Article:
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Medieval Calligraphy

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Learn the writing skills of a medieval scribe!  Typical styles include the Carolingian, Celtic, and Gothic alphabets.


Paper - for final project, choose a thick parchment or other attractive paper
Pen - a dip pen is best (pictured right); you can also use a regular calligraphy fountain pen with cartridges, but it is more difficult to switch between colors
Ink - bottled for a dip pen, cartridges for a fountain pen

Quick Tips:
Always pad your paper - never practice calligraphy on a single sheet of paper on a hard surface.  Use several sheets of paper as padding, and ideally prop up your working surface at a 30 degree angle to your tabletop.  You will be able to write more easily for longer periods of time.
Plan out your calligraphy - write it out first, and line your paper, don't write freehand.  Even if you are writing on a curve, draw the curve in pencil first.


Hold the pen so that it rests on your first knuckle rather than sliding down to rest along your thumb.  This will give you more control.  Do not over-dip.  Dip the pen in the ink so that half or 2/3 of the nib covered, and keep dipping every few letters.  Unlike a regular pen, a calligraphy pen is typically held at a 45 degree angle to the paper, and the flat tip is at a 45 degree angle as well - see diagram left.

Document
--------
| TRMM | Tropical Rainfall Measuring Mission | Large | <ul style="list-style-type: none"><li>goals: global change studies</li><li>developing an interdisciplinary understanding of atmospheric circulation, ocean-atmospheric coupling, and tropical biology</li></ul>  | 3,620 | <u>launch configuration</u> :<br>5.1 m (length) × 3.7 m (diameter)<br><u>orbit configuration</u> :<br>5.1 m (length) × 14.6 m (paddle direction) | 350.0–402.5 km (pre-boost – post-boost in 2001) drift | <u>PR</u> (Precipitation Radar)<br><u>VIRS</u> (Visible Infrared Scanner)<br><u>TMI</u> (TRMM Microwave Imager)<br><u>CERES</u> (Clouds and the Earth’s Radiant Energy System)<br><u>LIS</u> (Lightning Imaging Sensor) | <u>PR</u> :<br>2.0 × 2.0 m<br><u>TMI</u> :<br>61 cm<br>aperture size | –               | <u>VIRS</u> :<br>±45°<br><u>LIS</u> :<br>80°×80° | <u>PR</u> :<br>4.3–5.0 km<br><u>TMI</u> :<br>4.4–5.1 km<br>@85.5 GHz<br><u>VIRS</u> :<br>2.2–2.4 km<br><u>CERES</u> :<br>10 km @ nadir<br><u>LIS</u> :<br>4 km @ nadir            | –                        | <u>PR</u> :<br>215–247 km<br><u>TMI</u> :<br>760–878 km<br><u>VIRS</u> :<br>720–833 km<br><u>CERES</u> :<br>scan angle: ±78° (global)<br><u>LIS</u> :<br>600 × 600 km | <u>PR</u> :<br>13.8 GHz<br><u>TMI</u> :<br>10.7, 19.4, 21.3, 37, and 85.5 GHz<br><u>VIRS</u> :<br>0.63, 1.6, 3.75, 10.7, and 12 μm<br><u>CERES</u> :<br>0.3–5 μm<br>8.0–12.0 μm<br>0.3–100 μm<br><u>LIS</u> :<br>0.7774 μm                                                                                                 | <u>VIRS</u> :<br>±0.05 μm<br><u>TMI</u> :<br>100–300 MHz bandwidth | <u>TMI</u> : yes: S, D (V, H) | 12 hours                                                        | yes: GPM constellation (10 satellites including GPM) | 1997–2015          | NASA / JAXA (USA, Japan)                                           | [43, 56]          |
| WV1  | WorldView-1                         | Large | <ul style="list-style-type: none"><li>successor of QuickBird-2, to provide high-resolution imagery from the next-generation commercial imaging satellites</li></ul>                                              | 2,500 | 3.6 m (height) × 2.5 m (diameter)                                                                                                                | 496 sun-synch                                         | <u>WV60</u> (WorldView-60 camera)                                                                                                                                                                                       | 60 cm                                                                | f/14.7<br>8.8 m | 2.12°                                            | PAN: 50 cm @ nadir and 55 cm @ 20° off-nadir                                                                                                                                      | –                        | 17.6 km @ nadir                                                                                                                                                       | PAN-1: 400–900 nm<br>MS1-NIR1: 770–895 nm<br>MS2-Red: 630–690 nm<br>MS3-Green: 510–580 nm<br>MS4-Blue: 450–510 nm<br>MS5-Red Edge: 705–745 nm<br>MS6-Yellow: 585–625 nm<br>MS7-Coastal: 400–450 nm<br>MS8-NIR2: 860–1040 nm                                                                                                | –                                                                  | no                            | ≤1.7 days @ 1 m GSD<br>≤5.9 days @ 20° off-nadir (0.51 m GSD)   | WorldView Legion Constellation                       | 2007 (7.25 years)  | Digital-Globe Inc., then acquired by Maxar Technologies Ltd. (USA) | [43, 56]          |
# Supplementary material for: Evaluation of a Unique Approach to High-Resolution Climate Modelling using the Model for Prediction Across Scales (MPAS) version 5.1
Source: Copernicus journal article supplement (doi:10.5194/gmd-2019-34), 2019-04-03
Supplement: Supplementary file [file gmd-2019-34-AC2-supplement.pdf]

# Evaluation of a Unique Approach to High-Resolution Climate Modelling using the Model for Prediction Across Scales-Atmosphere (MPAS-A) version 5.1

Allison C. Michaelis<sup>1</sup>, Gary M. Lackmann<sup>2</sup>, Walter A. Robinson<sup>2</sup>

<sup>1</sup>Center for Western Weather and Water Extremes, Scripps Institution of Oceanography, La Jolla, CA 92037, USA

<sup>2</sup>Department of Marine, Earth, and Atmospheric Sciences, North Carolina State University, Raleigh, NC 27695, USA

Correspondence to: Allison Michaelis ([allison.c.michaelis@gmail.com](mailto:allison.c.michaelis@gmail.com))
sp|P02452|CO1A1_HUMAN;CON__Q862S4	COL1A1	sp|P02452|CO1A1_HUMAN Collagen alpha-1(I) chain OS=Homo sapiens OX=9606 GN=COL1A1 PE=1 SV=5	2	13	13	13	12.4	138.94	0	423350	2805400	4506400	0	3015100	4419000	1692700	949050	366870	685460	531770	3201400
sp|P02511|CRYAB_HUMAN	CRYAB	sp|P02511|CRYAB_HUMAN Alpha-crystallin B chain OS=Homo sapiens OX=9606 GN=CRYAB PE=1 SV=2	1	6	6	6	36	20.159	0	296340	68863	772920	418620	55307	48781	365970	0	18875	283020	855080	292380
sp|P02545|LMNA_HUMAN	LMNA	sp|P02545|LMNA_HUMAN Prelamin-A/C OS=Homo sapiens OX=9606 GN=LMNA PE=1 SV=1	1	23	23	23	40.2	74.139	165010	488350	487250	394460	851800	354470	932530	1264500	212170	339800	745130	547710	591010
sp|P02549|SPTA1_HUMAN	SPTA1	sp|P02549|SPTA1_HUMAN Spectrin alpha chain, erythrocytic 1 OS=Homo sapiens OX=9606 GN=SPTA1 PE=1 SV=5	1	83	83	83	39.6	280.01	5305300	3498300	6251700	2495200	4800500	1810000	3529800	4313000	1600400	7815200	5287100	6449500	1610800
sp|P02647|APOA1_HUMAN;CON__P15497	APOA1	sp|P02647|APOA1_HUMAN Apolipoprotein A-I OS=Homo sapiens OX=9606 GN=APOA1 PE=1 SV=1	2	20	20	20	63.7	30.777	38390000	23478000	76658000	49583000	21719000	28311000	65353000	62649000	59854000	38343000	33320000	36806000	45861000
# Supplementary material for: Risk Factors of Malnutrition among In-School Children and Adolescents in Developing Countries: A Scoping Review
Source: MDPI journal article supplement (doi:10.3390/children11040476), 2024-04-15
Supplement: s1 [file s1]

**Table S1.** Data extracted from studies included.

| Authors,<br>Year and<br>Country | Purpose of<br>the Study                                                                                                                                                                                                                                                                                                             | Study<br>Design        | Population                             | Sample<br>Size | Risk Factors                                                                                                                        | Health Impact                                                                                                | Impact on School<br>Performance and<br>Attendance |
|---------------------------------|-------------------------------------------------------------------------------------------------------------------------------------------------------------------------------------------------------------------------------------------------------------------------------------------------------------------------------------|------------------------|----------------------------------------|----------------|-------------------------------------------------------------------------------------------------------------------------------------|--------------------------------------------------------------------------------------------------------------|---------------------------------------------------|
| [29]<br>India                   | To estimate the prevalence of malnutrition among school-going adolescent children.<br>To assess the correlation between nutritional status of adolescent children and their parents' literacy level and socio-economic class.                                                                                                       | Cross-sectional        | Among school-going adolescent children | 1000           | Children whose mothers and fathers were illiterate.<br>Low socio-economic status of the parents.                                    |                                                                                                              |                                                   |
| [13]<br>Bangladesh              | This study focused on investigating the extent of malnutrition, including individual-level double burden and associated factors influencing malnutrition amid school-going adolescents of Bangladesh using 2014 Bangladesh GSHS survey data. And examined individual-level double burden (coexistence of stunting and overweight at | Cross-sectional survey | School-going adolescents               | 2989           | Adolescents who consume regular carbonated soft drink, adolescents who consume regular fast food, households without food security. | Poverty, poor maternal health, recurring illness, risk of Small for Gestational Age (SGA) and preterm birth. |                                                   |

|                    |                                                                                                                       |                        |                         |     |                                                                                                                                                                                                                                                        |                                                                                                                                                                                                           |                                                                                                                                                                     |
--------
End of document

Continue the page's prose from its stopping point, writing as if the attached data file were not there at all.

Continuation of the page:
Gothic was a popular medieval calligraphy.  It was also called Blackletter for the dark appearance of a written page.  The letters are square in shape, and are written at a 45 degree angle. 
Click on the photo (right) for a larger image of the Gothic alphabet.  Try copying the simpler lowercase letters, then move on to the more elaborate uppercase letters.  Make sure to use a 45 degree pen angle.
Try writing your name, squeezing the letters close enough together that you could fit just one pen stroke between them.  This technique was used by monks copying manuscripts, in order to save parchment.


Chancery is a later, more flowing alphabet.  Developed in Italy as a method of quick, slanted 'Italic' writing, it is still used today. 
Use a 30 degree angle for this alphabet.  Look closely at the flourishes -- if you are using the correct pen angle, the thin and thick areas of the strokes will look like the example on the left.

More About Calligraphy? 
Go to: History of Calligraphy for more information on the evolution of calligraphic scripts.

Illuminated Manuscript - Click on the picture to see a larger image.



Questions? Email Susan at